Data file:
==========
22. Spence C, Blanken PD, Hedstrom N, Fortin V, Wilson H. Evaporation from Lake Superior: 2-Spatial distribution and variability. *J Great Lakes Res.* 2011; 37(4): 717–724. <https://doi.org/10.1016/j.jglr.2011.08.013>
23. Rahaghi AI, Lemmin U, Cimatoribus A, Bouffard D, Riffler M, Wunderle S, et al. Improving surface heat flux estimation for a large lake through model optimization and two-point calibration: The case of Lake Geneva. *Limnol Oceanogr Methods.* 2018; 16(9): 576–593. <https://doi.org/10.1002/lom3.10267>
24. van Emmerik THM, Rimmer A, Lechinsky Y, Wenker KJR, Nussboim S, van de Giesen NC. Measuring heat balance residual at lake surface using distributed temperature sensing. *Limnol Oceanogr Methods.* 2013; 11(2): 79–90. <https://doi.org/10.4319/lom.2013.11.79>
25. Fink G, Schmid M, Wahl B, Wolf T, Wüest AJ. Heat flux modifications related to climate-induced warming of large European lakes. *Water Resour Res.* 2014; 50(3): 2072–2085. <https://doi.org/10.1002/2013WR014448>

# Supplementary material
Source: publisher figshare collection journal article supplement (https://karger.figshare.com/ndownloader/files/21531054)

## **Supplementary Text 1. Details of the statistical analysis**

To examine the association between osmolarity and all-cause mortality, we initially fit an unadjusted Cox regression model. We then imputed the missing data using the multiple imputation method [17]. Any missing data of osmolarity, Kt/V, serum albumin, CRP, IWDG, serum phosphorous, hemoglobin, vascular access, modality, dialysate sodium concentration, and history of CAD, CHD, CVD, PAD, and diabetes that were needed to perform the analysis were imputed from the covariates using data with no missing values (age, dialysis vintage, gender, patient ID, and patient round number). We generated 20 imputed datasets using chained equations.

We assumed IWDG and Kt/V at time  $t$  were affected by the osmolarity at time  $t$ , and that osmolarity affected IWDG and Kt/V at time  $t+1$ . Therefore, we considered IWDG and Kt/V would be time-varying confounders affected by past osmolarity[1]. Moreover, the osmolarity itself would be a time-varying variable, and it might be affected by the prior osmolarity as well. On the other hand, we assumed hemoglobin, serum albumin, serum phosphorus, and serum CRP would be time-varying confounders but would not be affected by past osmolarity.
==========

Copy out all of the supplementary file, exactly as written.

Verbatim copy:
22. Spence C, Blanken PD, Hedstrom N, Fortin V, Wilson H. Evaporation from Lake Superior: 2-Spatial distribution and variability. *J Great Lakes Res.* 2011; 37(4): 717–724. <https://doi.org/10.1016/j.jglr.2011.08.013>
23. Rahaghi AI, Lemmin U, Cimatoribus A, Bouffard D, Riffler M, Wunderle S, et al. Improving surface heat flux estimation for a large lake through model optimization and two-point calibration: The case of Lake Geneva. *Limnol Oceanogr Methods.* 2018; 16(9): 576–593. <https://doi.org/10.1002/lom3.10267>
24. van Emmerik THM, Rimmer A, Lechinsky Y, Wenker KJR, Nussboim S, van de Giesen NC. Measuring heat balance residual at lake surface using distributed temperature sensing. *Limnol Oceanogr Methods.* 2013; 11(2): 79–90. <https://doi.org/10.4319/lom.2013.11.79>
25. Fink G, Schmid M, Wahl B, Wolf T, Wüest AJ. Heat flux modifications related to climate-induced warming of large European lakes. *Water Resour Res.* 2014; 50(3): 2072–2085. <https://doi.org/10.1002/2013WR014448>

# Supplementary material
Source: publisher figshare collection journal article supplement (https://karger.figshare.com/ndownloader/files/21531054)

## **Supplementary Text 1. Details of the statistical analysis**

To examine the association between osmolarity and all-cause mortality, we initially fit an unadjusted Cox regression model. We then imputed the missing data using the multiple imputation method [17]. Any missing data of osmolarity, Kt/V, serum albumin, CRP, IWDG, serum phosphorous, hemoglobin, vascular access, modality, dialysate sodium concentration, and history of CAD, CHD, CVD, PAD, and diabetes that were needed to perform the analysis were imputed from the covariates using data with no missing values (age, dialysis vintage, gender, patient ID, and patient round number). We generated 20 imputed datasets using chained equations.

We assumed IWDG and Kt/V at time  $t$  were affected by the osmolarity at time  $t$ , and that osmolarity affected IWDG and Kt/V at time  $t+1$ . Therefore, we considered IWDG and Kt/V would be time-varying confounders affected by past osmolarity[1]. Moreover, the osmolarity itself would be a time-varying variable, and it might be affected by the prior osmolarity as well. On the other hand, we assumed hemoglobin, serum albumin, serum phosphorus, and serum CRP would be time-varying confounders but would not be affected by past osmolarity.